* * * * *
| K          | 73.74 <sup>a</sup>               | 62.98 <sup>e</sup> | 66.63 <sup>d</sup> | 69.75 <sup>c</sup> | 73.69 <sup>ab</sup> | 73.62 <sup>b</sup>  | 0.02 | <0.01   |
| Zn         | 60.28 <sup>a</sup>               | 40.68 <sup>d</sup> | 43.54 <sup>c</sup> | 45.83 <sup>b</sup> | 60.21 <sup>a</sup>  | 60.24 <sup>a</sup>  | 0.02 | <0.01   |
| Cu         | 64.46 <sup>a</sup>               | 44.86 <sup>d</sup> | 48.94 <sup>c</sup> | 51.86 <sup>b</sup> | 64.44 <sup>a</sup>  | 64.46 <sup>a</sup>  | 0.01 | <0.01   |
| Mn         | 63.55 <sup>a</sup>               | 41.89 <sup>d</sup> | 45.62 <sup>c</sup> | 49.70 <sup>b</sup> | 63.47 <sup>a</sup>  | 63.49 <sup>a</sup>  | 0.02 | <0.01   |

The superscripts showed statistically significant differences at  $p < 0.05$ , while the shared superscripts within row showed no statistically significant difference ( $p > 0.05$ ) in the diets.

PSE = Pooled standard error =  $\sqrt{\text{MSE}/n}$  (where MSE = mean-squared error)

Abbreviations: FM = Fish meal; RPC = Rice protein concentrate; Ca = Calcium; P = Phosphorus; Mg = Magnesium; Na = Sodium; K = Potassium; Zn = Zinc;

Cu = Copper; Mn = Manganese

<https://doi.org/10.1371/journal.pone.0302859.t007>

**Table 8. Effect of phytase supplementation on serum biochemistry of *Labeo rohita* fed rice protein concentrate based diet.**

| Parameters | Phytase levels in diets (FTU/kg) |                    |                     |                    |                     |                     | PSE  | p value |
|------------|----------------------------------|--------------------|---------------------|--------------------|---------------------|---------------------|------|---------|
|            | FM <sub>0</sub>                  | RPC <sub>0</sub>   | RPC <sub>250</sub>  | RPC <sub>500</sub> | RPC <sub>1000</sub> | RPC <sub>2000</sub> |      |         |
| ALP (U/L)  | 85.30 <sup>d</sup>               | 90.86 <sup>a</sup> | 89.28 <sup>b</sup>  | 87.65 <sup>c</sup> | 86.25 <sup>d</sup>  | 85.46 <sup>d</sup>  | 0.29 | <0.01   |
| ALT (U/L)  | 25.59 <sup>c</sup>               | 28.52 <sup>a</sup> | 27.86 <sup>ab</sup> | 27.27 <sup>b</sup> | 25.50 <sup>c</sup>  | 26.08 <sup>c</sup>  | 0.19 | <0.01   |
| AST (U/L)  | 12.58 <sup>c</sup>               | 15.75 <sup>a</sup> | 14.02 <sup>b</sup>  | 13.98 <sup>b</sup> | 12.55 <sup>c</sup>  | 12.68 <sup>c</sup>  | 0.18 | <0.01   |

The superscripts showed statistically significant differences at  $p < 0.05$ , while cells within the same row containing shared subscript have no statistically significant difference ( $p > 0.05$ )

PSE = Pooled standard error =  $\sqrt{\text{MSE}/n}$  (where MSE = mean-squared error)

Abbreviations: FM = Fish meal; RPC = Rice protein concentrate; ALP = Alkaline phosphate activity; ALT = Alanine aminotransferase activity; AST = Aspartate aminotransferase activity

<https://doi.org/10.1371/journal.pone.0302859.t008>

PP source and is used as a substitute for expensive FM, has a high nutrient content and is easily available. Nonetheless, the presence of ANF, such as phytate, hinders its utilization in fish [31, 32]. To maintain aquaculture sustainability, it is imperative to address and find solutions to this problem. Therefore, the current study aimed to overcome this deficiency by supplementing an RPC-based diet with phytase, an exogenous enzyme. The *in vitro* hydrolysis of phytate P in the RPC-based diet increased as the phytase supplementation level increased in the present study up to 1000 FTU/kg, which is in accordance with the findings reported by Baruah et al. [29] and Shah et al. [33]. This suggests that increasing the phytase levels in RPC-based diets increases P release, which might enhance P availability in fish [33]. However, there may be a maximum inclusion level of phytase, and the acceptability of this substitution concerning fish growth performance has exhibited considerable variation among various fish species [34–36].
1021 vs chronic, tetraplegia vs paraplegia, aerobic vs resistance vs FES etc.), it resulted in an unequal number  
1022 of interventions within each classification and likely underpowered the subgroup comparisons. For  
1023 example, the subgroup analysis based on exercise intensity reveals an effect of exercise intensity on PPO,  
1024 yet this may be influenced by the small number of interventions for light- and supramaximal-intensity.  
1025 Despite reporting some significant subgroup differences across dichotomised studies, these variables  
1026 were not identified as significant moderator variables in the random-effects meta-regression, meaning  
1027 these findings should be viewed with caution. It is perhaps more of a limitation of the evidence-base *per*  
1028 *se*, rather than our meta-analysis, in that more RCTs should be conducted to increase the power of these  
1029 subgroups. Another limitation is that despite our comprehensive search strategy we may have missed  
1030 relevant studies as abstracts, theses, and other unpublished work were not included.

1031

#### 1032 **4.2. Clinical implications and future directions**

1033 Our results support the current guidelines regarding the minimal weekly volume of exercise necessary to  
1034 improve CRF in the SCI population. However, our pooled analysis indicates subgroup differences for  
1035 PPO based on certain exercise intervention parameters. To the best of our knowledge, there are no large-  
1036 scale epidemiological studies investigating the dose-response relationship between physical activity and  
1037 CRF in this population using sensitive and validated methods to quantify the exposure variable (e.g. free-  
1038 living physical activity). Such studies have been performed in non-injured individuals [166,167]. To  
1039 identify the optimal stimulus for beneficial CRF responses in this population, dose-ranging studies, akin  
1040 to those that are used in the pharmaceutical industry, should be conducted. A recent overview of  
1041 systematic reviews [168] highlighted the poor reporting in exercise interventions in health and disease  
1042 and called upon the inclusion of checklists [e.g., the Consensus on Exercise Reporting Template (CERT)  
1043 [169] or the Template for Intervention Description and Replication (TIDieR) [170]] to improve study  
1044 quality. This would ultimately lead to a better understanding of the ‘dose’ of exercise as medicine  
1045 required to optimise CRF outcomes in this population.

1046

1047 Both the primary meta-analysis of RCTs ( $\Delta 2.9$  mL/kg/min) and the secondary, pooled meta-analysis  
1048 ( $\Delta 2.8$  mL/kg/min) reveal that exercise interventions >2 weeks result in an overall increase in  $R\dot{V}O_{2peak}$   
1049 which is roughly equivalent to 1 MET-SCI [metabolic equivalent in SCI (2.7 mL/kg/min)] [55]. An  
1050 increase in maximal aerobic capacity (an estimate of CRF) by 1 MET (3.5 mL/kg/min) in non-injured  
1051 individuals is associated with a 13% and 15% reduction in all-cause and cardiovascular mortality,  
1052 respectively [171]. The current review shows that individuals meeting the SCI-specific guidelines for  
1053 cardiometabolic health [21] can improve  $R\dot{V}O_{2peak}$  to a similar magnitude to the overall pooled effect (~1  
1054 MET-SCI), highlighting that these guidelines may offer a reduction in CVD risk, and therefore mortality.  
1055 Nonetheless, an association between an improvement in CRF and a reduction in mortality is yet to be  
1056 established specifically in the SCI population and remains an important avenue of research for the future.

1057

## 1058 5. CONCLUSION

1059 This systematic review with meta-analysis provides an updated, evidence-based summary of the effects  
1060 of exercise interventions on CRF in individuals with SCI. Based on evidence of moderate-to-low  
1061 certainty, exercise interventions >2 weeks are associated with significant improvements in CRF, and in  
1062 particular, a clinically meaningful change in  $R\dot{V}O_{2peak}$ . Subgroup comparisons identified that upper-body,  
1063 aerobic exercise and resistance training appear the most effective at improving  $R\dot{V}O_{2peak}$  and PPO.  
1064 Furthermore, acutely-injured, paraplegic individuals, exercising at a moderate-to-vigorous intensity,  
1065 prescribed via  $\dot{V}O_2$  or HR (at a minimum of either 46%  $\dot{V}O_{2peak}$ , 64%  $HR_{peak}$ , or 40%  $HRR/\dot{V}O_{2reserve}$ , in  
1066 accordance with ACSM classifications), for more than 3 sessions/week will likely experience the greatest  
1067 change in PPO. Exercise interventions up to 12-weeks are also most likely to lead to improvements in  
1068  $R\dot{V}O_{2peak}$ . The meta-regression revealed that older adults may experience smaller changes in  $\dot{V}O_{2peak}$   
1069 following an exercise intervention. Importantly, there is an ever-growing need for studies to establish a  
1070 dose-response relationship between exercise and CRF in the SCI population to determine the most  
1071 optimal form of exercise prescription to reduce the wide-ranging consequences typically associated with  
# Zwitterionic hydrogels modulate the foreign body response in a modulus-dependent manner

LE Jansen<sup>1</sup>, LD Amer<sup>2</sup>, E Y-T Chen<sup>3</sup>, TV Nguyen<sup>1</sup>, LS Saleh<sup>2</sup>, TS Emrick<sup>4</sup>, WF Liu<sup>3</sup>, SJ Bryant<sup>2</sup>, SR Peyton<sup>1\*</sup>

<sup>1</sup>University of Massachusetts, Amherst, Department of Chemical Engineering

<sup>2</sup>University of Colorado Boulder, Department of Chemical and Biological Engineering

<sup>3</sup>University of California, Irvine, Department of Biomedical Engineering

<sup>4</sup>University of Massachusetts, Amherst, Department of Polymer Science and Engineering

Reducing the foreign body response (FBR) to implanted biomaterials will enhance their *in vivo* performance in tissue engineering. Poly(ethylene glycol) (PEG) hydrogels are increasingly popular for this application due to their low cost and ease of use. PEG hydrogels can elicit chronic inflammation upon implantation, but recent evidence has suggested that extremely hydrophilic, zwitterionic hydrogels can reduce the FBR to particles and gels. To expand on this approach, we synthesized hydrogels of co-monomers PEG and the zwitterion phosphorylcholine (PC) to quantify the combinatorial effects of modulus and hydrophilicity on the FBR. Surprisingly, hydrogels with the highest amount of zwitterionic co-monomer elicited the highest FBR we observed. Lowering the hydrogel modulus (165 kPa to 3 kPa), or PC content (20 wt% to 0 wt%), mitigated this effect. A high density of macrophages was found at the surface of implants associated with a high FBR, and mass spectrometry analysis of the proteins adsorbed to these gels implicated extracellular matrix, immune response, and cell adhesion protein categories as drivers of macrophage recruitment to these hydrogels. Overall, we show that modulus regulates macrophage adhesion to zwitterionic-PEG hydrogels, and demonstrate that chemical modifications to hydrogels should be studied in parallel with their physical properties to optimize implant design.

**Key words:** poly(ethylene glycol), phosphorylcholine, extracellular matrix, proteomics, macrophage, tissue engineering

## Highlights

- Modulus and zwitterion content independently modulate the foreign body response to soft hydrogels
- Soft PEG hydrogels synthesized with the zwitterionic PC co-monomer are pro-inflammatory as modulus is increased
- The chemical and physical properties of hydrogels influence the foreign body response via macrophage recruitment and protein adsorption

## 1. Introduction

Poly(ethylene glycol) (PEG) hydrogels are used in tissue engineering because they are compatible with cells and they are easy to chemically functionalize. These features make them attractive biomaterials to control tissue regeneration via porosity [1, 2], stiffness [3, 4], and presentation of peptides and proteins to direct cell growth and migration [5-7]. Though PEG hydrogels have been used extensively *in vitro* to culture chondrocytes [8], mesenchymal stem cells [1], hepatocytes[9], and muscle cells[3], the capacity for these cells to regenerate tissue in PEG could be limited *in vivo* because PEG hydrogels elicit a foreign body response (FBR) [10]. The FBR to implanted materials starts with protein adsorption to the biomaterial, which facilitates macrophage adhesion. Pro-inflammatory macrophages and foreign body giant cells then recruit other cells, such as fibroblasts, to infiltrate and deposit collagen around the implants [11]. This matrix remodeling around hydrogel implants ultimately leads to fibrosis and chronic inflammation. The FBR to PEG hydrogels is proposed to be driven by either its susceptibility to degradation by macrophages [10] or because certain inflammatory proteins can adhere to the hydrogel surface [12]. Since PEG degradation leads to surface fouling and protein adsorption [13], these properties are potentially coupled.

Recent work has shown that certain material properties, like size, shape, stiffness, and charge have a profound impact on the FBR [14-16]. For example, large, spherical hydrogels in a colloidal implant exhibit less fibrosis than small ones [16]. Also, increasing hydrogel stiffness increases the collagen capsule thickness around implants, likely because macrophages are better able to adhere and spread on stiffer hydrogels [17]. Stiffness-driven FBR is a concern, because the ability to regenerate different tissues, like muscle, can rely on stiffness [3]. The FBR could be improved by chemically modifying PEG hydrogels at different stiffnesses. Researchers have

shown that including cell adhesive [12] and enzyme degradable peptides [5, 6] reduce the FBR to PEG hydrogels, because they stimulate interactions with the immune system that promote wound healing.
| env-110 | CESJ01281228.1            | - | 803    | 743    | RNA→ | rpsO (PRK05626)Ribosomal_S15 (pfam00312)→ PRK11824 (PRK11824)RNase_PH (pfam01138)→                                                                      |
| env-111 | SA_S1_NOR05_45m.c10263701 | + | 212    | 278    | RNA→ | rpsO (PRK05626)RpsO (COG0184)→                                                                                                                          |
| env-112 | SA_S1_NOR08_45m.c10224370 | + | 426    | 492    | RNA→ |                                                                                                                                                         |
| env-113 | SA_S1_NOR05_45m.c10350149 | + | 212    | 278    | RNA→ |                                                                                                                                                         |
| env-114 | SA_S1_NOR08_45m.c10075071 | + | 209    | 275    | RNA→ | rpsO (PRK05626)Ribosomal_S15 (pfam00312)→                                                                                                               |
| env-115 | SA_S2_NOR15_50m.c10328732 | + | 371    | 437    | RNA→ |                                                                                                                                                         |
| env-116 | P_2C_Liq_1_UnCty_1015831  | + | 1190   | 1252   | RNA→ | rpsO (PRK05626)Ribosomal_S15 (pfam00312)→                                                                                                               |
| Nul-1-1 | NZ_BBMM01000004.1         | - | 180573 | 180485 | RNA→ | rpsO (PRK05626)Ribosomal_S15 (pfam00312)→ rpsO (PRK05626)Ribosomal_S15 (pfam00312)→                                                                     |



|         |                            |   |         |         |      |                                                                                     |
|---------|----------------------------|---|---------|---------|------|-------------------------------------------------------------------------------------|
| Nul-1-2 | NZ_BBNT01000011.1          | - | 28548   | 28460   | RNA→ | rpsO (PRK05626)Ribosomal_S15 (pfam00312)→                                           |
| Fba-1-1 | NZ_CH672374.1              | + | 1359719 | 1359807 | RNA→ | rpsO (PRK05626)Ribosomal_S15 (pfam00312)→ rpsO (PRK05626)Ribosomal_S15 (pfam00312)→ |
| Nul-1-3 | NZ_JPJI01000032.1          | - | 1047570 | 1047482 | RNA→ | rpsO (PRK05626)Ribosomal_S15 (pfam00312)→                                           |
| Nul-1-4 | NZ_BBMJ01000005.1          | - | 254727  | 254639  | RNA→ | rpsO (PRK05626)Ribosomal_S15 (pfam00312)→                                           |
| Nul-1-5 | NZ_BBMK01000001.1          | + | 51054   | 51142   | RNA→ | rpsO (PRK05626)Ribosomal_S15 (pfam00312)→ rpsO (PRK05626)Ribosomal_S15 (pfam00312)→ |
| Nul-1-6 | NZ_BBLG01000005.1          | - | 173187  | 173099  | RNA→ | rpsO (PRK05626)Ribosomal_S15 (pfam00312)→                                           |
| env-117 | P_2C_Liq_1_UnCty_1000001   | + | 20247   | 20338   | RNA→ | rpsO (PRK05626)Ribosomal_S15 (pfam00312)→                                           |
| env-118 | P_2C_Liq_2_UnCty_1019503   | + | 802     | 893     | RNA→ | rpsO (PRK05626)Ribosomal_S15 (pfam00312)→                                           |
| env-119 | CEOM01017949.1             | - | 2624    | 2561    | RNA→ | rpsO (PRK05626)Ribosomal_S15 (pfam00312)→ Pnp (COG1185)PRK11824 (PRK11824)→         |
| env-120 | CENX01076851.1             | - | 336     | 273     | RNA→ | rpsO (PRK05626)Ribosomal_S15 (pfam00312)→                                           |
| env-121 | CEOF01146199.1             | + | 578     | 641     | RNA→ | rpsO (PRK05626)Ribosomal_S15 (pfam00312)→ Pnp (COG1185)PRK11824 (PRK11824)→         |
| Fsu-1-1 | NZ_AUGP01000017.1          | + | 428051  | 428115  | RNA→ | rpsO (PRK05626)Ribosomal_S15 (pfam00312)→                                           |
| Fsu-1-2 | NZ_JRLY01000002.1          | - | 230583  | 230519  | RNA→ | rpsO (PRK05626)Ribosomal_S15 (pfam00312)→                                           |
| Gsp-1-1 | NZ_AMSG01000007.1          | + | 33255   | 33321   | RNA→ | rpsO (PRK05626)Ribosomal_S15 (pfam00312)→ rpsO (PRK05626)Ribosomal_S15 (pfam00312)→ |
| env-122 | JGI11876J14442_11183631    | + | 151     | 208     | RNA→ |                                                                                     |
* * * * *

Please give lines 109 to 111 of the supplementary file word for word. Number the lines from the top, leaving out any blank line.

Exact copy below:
| env-121 | CEOF01146199.1             | + | 578     | 641     | RNA→ | rpsO (PRK05626)Ribosomal_S15 (pfam00312)→ Pnp (COG1185)PRK11824 (PRK11824)→         |
| Fsu-1-1 | NZ_AUGP01000017.1          | + | 428051  | 428115  | RNA→ | rpsO (PRK05626)Ribosomal_S15 (pfam00312)→                                           |
| Fsu-1-2 | NZ_JRLY01000002.1          | - | 230583  | 230519  | RNA→ | rpsO (PRK05626)Ribosomal_S15 (pfam00312)→                                           |